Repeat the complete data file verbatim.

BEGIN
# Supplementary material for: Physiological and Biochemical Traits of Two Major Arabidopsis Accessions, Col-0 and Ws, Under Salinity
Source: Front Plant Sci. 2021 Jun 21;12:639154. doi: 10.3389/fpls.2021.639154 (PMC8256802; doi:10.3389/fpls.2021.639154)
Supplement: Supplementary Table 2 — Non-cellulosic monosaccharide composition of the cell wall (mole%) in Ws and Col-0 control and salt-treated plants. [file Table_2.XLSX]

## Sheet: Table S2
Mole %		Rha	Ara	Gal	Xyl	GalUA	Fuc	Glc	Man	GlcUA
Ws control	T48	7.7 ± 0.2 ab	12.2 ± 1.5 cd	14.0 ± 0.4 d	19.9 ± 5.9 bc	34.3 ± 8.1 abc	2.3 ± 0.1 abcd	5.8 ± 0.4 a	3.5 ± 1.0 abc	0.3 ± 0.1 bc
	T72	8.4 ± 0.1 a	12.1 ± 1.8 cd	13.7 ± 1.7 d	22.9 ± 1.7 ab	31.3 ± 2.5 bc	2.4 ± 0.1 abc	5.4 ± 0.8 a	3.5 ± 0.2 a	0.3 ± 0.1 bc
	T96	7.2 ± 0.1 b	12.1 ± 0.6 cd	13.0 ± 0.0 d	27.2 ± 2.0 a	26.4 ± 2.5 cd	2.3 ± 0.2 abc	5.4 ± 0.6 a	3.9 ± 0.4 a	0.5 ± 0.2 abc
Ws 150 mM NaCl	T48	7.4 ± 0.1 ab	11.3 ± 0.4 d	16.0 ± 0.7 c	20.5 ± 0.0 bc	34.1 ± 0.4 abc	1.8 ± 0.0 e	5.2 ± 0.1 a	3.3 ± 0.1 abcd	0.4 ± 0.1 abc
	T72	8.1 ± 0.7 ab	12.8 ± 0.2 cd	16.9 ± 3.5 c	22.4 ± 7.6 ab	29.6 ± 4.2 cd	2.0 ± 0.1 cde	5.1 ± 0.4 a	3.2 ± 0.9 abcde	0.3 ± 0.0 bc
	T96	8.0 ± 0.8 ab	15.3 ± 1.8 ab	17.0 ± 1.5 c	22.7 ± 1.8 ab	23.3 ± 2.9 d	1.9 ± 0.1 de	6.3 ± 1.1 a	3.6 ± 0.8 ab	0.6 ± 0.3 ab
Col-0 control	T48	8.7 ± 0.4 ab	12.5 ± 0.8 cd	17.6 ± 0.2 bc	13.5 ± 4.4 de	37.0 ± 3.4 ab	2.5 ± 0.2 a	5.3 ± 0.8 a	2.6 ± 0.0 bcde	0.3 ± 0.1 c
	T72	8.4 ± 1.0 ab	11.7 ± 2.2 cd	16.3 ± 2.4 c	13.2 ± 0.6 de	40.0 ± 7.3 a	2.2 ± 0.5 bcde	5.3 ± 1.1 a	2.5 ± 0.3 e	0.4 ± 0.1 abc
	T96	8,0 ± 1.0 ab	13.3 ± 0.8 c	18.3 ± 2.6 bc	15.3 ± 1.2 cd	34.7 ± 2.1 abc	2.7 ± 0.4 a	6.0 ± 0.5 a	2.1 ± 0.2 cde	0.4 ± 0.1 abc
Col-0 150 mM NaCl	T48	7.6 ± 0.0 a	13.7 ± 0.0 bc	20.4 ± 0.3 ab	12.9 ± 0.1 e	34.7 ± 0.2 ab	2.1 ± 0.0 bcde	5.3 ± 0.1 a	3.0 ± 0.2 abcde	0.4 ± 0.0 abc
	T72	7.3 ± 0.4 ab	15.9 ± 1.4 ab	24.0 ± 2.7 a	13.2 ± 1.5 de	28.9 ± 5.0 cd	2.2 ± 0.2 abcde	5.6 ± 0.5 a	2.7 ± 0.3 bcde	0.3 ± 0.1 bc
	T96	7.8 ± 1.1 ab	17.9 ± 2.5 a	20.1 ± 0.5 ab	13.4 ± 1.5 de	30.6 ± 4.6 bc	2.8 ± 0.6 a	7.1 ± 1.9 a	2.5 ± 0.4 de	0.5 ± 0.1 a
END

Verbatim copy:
# Supplementary material for: Physiological and Biochemical Traits of Two Major Arabidopsis Accessions, Col-0 and Ws, Under Salinity
Source: Front Plant Sci. 2021 Jun 21;12:639154. doi: 10.3389/fpls.2021.639154 (PMC8256802; doi:10.3389/fpls.2021.639154)
Supplement: Supplementary Table 2 — Non-cellulosic monosaccharide composition of the cell wall (mole%) in Ws and Col-0 control and salt-treated plants. [file Table_2.XLSX]

## Sheet: Table S2
Mole %		Rha	Ara	Gal	Xyl	GalUA	Fuc	Glc	Man	GlcUA
Ws control	T48	7.7 ± 0.2 ab	12.2 ± 1.5 cd	14.0 ± 0.4 d	19.9 ± 5.9 bc	34.3 ± 8.1 abc	2.3 ± 0.1 abcd	5.8 ± 0.4 a	3.5 ± 1.0 abc	0.3 ± 0.1 bc
	T72	8.4 ± 0.1 a	12.1 ± 1.8 cd	13.7 ± 1.7 d	22.9 ± 1.7 ab	31.3 ± 2.5 bc	2.4 ± 0.1 abc	5.4 ± 0.8 a	3.5 ± 0.2 a	0.3 ± 0.1 bc
	T96	7.2 ± 0.1 b	12.1 ± 0.6 cd	13.0 ± 0.0 d	27.2 ± 2.0 a	26.4 ± 2.5 cd	2.3 ± 0.2 abc	5.4 ± 0.6 a	3.9 ± 0.4 a	0.5 ± 0.2 abc
Ws 150 mM NaCl	T48	7.4 ± 0.1 ab	11.3 ± 0.4 d	16.0 ± 0.7 c	20.5 ± 0.0 bc	34.1 ± 0.4 abc	1.8 ± 0.0 e	5.2 ± 0.1 a	3.3 ± 0.1 abcd	0.4 ± 0.1 abc
	T72	8.1 ± 0.7 ab	12.8 ± 0.2 cd	16.9 ± 3.5 c	22.4 ± 7.6 ab	29.6 ± 4.2 cd	2.0 ± 0.1 cde	5.1 ± 0.4 a	3.2 ± 0.9 abcde	0.3 ± 0.0 bc
	T96	8.0 ± 0.8 ab	15.3 ± 1.8 ab	17.0 ± 1.5 c	22.7 ± 1.8 ab	23.3 ± 2.9 d	1.9 ± 0.1 de	6.3 ± 1.1 a	3.6 ± 0.8 ab	0.6 ± 0.3 ab
Col-0 control	T48	8.7 ± 0.4 ab	12.5 ± 0.8 cd	17.6 ± 0.2 bc	13.5 ± 4.4 de	37.0 ± 3.4 ab	2.5 ± 0.2 a	5.3 ± 0.8 a	2.6 ± 0.0 bcde	0.3 ± 0.1 c
	T72	8.4 ± 1.0 ab	11.7 ± 2.2 cd	16.3 ± 2.4 c	13.2 ± 0.6 de	40.0 ± 7.3 a	2.2 ± 0.5 bcde	5.3 ± 1.1 a	2.5 ± 0.3 e	0.4 ± 0.1 abc
	T96	8,0 ± 1.0 ab	13.3 ± 0.8 c	18.3 ± 2.6 bc	15.3 ± 1.2 cd	34.7 ± 2.1 abc	2.7 ± 0.4 a	6.0 ± 0.5 a	2.1 ± 0.2 cde	0.4 ± 0.1 abc
Col-0 150 mM NaCl	T48	7.6 ± 0.0 a	13.7 ± 0.0 bc	20.4 ± 0.3 ab	12.9 ± 0.1 e	34.7 ± 0.2 ab	2.1 ± 0.0 bcde	5.3 ± 0.1 a	3.0 ± 0.2 abcde	0.4 ± 0.0 abc
	T72	7.3 ± 0.4 ab	15.9 ± 1.4 ab	24.0 ± 2.7 a	13.2 ± 1.5 de	28.9 ± 5.0 cd	2.2 ± 0.2 abcde	5.6 ± 0.5 a	2.7 ± 0.3 bcde	0.3 ± 0.1 bc
	T96	7.8 ± 1.1 ab	17.9 ± 2.5 a	20.1 ± 0.5 ab	13.4 ± 1.5 de	30.6 ± 4.6 bc	2.8 ± 0.6 a	7.1 ± 1.9 a	2.5 ± 0.4 de	0.5 ± 0.1 a